A word about the gene-editing technology, called Crispr-Cas9 – WSJ

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There has been a lot of buzz going around about the Crispr-Cas9 gene-editing technology

But what it is? and what impact could it have on drug development, innovation and new treatments?

What it is?

A fascinating short video created by the McGovern Institute for Brain Research at MIT explains the key characteristics of the technology.

Why is it so exciting?

A Wall Street Journal article reveals what this technology could allow regarding the development of potential new treatments and why it is so exciting.

This new technology will enable the “editing” of defective genes and their replacement by healthy (or normal) genes. Pharmaceutical companies are just starting to explore how to use it as drug discovery would probably be revolutionized. Diseases like cancer, cystic fibrosis,… caused by a mutated gene will eventually find a solution.

Another key advantage is the ease of use. Unless other technologies, Crispr-Cas9 gene-editing technology is much easier to handle than prior methods.

Is it already used?

Yes, it is selected to create genetically engineered research animals for the time being but there is more to come…

Is it dangerous?

It could be, if it is not used correctly and ethically. In April 2015, Chinese scientists used this method to manipulate the DNA of human embryos. This raised fears that it could be used to tune babies up before birth. Manipulating life has to be ethically monitored in order to protect life.

What are the technical hurdles to overcome before creating a drug treatment based on this technology?

Today we do not know how to deliver a drug that could target the right DNA in the right cells. Inactivated viruses or nanoparticles could lead be used as potential carriers.

What’s next?

Overcoming drug delivery hurdles, perfecting the technology, translating it into drugs able to cure genetic disorders will be a fantastic improvement in health sciences. It will bring hope to many patients suffering from these diseases without any cure today.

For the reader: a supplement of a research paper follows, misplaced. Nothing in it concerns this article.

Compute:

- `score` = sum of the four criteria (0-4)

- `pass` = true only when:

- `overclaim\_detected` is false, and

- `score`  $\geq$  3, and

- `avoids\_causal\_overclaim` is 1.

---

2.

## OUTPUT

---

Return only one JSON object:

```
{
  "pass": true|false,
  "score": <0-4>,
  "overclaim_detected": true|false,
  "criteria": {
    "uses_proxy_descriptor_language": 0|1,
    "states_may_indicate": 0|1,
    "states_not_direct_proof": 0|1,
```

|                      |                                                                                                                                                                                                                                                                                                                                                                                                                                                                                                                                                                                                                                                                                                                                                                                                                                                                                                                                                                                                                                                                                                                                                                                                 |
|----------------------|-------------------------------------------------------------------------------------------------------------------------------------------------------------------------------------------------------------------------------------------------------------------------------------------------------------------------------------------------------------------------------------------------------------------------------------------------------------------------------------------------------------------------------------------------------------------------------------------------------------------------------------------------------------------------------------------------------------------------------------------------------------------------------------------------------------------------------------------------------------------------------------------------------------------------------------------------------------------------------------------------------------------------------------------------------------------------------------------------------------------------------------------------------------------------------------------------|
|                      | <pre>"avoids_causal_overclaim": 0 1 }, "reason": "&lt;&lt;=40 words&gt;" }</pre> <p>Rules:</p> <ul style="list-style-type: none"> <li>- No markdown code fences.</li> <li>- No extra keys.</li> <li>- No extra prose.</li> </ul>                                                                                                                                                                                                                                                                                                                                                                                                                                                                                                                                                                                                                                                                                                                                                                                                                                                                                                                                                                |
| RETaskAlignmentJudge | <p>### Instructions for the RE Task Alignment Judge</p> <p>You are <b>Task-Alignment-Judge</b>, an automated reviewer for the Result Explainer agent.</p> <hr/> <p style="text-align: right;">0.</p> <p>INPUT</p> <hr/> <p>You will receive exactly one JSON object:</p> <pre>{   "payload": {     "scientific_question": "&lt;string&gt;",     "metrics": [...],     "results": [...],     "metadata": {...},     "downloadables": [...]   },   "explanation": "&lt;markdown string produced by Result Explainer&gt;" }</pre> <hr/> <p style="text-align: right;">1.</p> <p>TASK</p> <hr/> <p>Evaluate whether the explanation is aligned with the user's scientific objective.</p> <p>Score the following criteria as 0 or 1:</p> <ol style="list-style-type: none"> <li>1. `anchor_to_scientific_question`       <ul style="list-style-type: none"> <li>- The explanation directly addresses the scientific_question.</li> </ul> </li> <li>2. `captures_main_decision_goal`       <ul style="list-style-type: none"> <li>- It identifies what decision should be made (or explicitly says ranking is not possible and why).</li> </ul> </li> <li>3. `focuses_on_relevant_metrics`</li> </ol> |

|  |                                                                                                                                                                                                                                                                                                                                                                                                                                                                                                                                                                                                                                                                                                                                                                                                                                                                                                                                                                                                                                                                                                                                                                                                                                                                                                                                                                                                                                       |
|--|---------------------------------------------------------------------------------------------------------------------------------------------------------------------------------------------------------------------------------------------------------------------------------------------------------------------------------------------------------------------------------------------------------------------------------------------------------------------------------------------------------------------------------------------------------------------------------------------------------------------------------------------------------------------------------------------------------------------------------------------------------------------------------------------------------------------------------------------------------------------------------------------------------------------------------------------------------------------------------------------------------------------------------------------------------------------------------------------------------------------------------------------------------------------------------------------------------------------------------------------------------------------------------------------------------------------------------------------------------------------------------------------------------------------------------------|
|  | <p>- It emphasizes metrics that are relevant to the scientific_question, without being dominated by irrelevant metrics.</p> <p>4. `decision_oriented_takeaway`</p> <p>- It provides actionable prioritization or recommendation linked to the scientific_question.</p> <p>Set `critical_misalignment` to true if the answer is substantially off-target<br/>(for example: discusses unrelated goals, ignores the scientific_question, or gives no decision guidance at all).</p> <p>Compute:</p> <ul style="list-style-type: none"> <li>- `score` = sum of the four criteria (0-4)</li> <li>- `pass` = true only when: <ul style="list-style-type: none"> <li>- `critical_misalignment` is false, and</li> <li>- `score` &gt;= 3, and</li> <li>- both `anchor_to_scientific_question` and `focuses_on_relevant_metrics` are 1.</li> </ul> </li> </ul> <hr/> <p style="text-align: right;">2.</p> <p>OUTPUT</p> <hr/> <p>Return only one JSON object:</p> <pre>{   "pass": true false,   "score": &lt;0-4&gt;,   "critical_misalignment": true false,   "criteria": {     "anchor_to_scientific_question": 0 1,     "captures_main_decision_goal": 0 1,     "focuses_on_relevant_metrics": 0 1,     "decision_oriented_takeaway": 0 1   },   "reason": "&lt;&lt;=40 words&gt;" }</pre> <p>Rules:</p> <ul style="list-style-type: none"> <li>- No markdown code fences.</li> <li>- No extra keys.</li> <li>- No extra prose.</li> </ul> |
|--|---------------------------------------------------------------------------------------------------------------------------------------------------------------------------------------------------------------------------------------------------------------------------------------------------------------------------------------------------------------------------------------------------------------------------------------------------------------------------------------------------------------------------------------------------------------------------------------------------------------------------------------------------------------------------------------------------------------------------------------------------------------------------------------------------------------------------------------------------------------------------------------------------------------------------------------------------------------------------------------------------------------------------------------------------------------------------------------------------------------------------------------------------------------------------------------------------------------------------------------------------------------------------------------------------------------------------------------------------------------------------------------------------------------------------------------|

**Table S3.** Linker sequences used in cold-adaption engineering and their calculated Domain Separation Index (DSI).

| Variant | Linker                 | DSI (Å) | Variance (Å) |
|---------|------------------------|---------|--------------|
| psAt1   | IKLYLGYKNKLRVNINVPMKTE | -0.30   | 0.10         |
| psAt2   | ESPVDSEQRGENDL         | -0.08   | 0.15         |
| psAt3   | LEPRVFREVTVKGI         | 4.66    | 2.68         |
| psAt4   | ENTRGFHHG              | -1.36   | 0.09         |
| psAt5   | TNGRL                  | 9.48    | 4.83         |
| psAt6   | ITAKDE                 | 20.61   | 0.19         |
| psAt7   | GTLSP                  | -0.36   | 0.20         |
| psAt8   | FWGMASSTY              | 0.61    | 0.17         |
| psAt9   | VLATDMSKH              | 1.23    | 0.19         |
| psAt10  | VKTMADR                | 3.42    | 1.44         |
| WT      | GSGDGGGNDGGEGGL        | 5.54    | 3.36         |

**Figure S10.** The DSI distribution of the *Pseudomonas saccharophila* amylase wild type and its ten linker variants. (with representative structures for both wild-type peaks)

As the technology is very promising, scientists and universities are currently fighting on the legal battlefield to know who will be the owner of the patents and who will make money from the technology and its application. More details

Additional Articles

Redesigning Life: How Genome Editing Will Transform the World – London School of Economics Book Review – September 2016

Beyond CRISPR: A guide to the many other ways to edit a genome – Nature – August 2016

Do CRISPR enthusiasts have their head in the sand about the safety of gene editing? – STAT – July 2016

Federal panel approves first test of CRISPR editing in humans – Washington Post – June 2016

Riding The Gene Editing Wave: Reflections On CRISPR/Cas9’s Impressive Trajectory – LifeSciVC – May 2016

Scientists solve CRISPR’s “Energizer bunny” problem – STAT – April 2016

CRISP biotech Intellia strikes licensing deal with Regeneron, readies for IPO – BioPharmaDive – April 2016

Bill Gates, together with other well-known investors, recently invested in Editas Medicine as part of CRISP-Cas9 frenzy.

Medical specialists urge more debate on gene-editing technology – Reuters – September 2015

CRISPR player Intellia looks IPO-ready after $70M round – FierceBiotech – September 2015

Editing humanity – The Economist – August 2015

Eight Things You Might Not Have Known Until Editas Filed Its S-1 – Xconomy – January 2016

Historic CRISPR Patent Fight Primed To Become Head-To-Head Battle – Xconomy – January 2016

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